scFvs inhibit seeding of α-syn aggregation inin vitroassay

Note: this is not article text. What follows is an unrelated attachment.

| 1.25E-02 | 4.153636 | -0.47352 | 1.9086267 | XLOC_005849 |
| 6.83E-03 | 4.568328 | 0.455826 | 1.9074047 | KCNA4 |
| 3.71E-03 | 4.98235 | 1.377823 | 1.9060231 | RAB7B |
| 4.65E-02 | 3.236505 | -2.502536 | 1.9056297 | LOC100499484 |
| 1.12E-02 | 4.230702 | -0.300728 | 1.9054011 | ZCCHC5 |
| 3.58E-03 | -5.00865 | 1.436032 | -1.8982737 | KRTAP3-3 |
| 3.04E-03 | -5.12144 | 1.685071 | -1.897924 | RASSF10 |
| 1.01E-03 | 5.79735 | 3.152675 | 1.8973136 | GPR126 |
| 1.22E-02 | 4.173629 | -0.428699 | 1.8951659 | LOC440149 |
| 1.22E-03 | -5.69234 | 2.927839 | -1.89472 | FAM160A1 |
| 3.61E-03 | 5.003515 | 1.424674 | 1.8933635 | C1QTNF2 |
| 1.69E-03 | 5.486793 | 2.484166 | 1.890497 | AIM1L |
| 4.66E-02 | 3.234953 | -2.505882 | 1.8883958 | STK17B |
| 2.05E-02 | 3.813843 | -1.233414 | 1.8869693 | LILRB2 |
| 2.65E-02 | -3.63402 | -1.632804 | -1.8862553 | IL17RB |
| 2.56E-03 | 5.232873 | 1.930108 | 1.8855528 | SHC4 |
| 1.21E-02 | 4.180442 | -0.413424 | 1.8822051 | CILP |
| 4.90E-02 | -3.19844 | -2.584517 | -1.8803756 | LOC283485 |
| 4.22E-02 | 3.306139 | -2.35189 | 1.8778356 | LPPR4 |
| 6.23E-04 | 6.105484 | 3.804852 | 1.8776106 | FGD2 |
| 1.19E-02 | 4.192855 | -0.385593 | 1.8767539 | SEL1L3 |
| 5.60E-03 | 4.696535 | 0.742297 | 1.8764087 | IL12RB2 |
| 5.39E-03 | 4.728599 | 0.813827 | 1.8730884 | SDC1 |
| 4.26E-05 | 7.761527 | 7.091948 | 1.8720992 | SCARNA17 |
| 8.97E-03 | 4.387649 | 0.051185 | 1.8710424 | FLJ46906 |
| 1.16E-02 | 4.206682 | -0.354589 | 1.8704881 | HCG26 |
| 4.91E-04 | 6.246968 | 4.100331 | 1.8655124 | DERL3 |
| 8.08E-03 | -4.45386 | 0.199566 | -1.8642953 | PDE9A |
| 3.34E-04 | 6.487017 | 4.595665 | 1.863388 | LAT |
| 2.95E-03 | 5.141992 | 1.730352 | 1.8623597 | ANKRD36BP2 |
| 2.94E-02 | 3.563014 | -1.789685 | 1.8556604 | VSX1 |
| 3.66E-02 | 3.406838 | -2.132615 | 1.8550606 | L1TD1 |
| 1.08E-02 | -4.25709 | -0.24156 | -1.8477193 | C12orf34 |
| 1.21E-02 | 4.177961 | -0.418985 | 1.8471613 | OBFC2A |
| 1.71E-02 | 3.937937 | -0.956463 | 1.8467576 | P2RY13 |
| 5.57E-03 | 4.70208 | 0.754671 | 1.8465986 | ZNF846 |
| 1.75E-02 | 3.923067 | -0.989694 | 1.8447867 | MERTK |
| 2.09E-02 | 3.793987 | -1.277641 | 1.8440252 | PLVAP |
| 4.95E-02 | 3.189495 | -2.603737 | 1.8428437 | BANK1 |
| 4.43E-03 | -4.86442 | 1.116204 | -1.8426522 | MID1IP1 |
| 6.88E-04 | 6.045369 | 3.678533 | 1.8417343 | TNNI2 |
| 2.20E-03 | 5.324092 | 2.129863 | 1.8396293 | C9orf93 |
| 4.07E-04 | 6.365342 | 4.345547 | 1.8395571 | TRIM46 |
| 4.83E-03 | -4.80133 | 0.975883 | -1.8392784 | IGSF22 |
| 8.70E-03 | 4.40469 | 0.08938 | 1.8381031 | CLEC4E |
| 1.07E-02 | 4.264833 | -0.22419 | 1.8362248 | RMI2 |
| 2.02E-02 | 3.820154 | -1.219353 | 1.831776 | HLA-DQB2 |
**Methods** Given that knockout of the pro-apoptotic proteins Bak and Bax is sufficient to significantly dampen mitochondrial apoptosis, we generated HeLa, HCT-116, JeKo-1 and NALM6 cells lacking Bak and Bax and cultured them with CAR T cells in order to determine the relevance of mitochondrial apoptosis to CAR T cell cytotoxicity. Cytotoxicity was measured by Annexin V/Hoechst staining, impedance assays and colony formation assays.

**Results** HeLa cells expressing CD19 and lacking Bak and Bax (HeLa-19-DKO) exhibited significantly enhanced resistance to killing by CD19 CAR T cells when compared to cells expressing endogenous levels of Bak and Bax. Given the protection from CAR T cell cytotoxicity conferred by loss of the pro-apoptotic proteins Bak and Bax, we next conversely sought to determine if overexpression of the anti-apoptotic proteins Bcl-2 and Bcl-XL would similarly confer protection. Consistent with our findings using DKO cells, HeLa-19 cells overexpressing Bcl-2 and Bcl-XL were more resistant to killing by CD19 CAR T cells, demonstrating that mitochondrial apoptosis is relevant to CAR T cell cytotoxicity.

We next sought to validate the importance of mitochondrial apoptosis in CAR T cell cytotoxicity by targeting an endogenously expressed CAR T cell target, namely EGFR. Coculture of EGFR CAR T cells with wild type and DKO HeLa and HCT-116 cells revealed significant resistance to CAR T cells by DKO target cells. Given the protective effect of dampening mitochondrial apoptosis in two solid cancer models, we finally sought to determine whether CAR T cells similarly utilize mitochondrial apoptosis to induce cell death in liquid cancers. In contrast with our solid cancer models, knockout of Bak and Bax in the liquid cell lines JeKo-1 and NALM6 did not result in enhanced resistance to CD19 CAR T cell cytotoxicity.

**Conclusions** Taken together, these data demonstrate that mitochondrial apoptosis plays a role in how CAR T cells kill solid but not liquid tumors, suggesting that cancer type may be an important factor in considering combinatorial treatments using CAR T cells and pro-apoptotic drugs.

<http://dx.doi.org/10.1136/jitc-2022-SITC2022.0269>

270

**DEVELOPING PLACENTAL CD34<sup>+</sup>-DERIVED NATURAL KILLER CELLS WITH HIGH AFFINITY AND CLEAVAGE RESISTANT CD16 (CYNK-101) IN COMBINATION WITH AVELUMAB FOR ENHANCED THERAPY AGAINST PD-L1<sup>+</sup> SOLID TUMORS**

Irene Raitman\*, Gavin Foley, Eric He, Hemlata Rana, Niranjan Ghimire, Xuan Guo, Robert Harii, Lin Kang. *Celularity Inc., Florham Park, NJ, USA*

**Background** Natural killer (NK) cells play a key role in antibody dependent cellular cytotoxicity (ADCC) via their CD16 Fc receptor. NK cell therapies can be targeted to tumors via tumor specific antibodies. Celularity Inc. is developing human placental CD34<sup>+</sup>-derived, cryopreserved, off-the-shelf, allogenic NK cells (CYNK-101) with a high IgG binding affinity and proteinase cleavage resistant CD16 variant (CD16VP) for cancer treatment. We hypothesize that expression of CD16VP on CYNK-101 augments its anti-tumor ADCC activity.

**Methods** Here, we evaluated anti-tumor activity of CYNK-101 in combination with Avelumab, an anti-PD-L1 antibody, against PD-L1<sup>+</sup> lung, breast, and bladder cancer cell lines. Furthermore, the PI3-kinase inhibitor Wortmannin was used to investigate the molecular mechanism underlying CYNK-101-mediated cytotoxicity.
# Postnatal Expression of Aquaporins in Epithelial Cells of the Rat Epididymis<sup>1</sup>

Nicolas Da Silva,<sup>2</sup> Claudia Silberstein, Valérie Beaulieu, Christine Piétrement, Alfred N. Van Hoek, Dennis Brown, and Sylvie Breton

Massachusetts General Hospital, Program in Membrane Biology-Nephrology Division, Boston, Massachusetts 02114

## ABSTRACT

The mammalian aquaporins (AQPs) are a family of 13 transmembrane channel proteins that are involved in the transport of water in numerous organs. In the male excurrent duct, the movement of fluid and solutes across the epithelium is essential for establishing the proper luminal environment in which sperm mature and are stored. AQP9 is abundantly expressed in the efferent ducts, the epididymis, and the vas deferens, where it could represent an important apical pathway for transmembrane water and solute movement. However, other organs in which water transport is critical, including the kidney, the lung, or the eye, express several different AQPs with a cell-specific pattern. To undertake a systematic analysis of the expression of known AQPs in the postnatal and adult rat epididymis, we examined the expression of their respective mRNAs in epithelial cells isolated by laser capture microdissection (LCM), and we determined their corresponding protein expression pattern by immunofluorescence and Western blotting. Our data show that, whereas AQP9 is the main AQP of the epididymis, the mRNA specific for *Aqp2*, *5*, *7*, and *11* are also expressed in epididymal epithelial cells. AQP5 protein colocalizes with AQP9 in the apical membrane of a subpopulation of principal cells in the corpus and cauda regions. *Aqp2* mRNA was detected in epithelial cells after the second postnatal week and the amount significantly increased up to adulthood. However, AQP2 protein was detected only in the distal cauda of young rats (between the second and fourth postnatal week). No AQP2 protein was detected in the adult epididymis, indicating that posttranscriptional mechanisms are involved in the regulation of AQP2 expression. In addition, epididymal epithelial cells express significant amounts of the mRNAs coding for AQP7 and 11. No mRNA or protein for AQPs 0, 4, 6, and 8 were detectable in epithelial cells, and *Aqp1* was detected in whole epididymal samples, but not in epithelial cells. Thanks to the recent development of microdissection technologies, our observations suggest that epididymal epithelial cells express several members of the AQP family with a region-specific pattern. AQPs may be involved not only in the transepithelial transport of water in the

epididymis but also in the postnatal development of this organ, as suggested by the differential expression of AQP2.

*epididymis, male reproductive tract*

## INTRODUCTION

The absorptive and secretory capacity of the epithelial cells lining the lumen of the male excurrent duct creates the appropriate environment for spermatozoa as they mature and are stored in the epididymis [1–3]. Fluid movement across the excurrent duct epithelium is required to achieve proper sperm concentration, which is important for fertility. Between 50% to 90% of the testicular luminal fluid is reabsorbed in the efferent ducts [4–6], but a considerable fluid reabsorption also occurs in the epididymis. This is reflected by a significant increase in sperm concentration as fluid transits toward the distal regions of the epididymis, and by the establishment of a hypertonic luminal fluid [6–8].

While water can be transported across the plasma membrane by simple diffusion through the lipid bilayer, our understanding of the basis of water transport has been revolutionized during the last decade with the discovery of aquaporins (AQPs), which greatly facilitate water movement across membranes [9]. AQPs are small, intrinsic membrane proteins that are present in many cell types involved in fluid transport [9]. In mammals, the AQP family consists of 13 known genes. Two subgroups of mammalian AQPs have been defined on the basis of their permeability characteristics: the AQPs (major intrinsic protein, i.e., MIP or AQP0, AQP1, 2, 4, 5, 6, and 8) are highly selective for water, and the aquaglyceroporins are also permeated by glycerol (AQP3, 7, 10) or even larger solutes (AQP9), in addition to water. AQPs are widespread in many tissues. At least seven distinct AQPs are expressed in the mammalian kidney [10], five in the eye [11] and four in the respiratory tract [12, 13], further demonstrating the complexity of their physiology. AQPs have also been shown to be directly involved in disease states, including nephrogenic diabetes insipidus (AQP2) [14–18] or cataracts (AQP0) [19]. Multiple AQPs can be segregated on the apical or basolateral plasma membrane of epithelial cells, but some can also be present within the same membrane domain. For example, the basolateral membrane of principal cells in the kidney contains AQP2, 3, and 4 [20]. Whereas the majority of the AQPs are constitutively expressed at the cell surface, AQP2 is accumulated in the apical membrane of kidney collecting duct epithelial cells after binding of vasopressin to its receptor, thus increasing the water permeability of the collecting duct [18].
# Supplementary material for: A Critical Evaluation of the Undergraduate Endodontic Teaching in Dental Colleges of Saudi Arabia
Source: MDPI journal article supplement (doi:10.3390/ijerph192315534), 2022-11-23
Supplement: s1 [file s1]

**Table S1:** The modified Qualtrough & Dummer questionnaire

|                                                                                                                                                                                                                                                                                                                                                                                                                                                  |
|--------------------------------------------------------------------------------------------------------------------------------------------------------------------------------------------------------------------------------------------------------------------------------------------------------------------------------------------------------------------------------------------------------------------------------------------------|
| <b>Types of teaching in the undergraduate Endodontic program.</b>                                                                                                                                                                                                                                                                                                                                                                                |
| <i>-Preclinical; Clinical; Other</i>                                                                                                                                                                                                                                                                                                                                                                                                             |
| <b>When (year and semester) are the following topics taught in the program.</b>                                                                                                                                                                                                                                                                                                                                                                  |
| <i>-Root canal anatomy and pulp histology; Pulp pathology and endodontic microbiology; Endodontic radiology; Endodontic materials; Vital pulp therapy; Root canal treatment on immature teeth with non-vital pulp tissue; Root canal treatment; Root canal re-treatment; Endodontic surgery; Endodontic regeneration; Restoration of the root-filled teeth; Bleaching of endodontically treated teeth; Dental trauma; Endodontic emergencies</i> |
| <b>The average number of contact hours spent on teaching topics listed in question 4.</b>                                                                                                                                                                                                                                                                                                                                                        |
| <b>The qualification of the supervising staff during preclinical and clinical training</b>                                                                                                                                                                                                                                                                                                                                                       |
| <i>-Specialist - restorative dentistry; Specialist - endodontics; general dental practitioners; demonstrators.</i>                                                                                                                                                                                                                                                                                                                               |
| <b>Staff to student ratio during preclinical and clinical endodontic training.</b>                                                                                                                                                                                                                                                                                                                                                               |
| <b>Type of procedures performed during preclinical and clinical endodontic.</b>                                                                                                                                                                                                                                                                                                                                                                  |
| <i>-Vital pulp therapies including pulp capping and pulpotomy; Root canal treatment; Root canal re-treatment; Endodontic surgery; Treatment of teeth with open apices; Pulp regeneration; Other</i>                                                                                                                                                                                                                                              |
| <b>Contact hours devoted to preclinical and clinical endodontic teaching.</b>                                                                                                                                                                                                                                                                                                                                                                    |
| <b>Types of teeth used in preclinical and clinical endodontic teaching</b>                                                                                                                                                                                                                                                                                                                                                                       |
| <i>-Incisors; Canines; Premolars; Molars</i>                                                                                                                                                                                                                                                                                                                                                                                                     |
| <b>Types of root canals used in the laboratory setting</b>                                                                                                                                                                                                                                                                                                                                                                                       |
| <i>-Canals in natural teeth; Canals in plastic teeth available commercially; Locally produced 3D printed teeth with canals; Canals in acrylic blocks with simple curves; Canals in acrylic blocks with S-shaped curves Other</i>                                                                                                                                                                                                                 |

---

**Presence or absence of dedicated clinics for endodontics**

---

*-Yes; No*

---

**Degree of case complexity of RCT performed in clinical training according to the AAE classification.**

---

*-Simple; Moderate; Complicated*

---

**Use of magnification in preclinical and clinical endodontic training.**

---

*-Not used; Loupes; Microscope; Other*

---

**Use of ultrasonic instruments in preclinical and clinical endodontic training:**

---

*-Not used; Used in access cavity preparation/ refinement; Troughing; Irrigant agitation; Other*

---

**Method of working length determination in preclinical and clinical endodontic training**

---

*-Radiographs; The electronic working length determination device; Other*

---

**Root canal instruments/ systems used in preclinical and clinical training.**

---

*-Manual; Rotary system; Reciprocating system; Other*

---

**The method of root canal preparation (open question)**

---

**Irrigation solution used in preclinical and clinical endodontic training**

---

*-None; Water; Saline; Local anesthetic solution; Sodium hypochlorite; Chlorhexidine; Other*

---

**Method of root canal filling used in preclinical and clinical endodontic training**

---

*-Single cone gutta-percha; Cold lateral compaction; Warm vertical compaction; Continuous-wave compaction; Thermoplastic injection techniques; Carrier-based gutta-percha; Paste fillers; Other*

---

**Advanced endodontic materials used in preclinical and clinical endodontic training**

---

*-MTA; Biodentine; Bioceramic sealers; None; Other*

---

Previous work had shown that amyloid fibrils are formed in a nucleation-dependent polymerization fashion33. Based on this model, there are three phases: first, a nucleation or lag phase wherein soluble species are generated via nucleation of oligomeric species; second, a polymerization or growth phase in which oligomeric species polymerize giving rise to fibrils; and a final equilibrium phase where it reaches plateau34. It has been demonstrated that small aggregates or seeds accelerate the nucleation phase of amyloid formation by a process called “seeding” both in vitro and in vivo35,36,37,38. According to established protocols, to generate α-syn “seeds”, mature α-syn fibrils were sonicated to fragment into smaller short fibrillar pieces (Suppl. Fig. S2c,d). The seeds were added to α-syn monomers and the mixture was incubated to allow the aggregation process to take place. Incubation of seeds with α-syn monomers speeded up the fibril formation which was demonstrated by enhanced Th-S binding. The quantity of α-syn fibrils formed upon addition of seeds in the six hours duration is equivalent to α-syn fibrils formed in 72 hours without addition of seeds39,40.